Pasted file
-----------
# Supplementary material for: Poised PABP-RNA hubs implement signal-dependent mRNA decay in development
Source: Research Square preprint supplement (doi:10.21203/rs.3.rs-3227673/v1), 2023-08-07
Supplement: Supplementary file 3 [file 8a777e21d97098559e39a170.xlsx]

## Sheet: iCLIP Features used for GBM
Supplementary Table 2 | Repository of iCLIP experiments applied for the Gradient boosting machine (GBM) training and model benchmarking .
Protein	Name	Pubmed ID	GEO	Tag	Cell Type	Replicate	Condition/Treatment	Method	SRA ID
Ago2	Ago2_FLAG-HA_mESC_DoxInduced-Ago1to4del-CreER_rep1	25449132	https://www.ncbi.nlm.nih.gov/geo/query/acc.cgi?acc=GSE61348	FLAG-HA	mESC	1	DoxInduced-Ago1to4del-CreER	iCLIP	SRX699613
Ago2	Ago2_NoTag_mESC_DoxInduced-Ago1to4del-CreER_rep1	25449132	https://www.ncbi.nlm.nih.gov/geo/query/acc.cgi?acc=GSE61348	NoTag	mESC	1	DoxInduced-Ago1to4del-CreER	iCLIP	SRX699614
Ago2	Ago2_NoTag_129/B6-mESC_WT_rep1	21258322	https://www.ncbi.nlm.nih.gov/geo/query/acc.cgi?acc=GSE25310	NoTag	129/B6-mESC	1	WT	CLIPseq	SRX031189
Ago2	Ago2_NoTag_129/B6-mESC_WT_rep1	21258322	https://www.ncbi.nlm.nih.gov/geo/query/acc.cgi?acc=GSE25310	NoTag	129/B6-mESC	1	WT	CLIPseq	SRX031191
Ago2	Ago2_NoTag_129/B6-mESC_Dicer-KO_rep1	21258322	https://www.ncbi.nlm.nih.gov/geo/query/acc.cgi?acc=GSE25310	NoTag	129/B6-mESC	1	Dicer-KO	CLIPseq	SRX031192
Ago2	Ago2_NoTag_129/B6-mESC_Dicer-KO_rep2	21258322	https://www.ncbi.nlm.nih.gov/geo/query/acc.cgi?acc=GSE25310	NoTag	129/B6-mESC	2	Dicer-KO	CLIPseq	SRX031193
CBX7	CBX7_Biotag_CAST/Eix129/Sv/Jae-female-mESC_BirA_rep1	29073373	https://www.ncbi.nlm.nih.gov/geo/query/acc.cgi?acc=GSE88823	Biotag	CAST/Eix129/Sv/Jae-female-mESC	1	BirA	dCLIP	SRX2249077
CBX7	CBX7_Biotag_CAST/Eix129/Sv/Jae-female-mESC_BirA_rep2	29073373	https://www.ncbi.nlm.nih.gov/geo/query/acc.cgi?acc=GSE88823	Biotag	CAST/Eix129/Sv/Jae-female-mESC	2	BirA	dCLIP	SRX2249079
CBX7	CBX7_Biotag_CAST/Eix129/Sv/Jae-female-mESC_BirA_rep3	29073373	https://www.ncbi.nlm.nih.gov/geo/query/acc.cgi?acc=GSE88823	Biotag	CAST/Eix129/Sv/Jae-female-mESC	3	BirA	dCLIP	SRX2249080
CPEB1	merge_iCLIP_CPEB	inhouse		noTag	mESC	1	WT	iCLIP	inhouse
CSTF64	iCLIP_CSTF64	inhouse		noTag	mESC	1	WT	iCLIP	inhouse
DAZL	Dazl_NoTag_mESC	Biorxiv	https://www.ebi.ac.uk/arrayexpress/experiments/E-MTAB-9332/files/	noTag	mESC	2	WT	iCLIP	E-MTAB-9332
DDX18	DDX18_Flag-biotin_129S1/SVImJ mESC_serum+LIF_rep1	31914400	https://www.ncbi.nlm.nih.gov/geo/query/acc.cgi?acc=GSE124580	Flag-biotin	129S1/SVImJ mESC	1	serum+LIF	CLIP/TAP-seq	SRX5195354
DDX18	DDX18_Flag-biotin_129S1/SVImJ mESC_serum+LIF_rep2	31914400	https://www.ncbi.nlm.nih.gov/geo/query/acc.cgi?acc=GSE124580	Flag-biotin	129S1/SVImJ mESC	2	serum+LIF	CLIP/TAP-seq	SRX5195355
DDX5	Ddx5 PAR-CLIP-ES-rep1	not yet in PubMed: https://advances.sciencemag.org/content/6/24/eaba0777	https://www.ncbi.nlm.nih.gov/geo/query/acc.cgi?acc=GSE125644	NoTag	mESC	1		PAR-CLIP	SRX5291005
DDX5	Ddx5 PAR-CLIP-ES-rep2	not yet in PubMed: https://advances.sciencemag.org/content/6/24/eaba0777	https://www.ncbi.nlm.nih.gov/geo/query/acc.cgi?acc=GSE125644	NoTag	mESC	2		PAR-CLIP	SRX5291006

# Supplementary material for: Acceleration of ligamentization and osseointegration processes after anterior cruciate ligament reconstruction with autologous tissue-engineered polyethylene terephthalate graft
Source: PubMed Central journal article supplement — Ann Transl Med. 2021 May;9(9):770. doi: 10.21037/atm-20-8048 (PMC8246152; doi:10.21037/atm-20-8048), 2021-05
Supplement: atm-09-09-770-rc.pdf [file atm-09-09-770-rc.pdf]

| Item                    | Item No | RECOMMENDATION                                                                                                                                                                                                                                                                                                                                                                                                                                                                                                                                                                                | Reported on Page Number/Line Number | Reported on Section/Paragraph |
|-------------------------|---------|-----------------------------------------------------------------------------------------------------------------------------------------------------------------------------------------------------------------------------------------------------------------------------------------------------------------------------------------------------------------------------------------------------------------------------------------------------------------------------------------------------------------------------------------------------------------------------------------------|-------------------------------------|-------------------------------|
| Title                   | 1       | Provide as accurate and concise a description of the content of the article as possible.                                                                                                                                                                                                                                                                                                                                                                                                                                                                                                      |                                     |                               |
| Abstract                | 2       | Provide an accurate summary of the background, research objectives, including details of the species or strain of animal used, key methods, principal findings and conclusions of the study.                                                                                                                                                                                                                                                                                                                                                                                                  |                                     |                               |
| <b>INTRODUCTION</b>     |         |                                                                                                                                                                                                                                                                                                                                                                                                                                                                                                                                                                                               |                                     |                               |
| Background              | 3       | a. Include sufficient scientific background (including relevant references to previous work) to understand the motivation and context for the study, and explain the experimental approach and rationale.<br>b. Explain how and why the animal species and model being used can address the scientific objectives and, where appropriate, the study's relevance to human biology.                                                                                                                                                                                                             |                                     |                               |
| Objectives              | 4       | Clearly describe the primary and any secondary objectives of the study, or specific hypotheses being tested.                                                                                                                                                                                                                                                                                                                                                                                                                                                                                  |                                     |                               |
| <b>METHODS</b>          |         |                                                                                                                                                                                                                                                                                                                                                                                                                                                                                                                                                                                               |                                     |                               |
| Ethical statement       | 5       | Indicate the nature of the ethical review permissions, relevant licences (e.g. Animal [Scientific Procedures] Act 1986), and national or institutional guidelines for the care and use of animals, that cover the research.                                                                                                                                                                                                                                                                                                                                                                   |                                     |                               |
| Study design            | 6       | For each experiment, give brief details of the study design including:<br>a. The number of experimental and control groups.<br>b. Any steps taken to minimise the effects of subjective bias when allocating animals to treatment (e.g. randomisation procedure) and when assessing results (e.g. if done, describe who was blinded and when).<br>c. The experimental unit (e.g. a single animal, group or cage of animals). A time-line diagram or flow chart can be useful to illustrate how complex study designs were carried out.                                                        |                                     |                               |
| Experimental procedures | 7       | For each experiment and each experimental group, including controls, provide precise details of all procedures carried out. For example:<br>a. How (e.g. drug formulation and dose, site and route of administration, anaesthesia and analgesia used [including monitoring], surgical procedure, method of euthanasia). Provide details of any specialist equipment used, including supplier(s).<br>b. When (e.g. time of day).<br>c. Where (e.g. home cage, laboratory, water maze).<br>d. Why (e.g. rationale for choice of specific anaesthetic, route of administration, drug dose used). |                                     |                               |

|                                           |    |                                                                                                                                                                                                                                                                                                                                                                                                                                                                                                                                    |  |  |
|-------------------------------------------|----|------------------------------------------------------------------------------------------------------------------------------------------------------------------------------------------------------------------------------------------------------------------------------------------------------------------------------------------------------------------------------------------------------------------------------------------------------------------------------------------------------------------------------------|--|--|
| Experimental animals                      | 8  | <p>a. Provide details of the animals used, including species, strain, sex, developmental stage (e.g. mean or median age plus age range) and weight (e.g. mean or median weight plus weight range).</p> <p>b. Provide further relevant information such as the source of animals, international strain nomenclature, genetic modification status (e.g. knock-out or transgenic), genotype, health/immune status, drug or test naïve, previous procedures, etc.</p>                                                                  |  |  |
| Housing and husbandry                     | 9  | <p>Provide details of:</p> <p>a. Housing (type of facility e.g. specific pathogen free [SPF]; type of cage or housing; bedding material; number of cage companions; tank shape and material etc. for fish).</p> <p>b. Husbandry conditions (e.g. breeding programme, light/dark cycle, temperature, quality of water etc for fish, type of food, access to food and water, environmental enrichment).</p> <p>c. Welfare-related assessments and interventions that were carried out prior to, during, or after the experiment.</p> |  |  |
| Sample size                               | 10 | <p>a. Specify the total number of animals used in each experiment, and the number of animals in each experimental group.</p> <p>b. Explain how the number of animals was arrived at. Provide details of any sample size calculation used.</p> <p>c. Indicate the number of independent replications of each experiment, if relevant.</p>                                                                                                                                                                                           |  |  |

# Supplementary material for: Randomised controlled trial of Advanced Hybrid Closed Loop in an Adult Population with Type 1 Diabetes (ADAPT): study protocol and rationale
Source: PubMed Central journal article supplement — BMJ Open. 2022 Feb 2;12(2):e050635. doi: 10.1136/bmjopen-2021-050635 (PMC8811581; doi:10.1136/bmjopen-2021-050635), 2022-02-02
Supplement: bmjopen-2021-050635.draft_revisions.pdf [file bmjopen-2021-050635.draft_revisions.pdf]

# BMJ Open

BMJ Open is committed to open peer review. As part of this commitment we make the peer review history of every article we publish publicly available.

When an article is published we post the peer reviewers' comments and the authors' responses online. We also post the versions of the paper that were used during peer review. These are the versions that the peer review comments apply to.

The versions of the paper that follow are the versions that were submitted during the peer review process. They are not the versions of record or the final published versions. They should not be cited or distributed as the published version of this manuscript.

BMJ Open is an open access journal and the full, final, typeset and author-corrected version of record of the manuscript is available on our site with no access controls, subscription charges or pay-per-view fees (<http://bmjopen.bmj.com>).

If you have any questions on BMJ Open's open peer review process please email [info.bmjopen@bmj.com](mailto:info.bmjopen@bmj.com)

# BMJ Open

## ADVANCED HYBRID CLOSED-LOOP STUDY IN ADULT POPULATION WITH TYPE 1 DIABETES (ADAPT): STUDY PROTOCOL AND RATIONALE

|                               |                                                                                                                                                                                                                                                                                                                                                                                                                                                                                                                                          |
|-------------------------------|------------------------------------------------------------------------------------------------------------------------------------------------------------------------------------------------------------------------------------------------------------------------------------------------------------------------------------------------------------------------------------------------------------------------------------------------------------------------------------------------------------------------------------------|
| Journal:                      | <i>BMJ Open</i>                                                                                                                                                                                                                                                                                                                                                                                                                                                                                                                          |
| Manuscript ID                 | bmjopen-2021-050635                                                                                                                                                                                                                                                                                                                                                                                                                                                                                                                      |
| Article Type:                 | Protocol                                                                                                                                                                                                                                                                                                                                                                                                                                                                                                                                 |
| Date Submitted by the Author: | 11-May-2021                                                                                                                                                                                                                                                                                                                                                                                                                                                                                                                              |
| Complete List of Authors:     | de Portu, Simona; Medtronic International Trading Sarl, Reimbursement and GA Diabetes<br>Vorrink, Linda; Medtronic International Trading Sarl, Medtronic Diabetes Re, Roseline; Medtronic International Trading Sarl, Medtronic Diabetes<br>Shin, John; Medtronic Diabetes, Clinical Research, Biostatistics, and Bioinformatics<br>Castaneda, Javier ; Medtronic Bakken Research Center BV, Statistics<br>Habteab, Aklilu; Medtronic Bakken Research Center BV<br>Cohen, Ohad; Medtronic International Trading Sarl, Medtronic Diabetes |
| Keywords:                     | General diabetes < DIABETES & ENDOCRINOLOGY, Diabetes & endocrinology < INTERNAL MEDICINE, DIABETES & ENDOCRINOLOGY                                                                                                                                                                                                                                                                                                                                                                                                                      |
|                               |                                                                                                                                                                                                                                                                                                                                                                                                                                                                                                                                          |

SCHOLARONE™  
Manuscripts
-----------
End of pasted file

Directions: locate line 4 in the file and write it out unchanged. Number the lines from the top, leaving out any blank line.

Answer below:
## Sheet: iCLIP Features used for GBM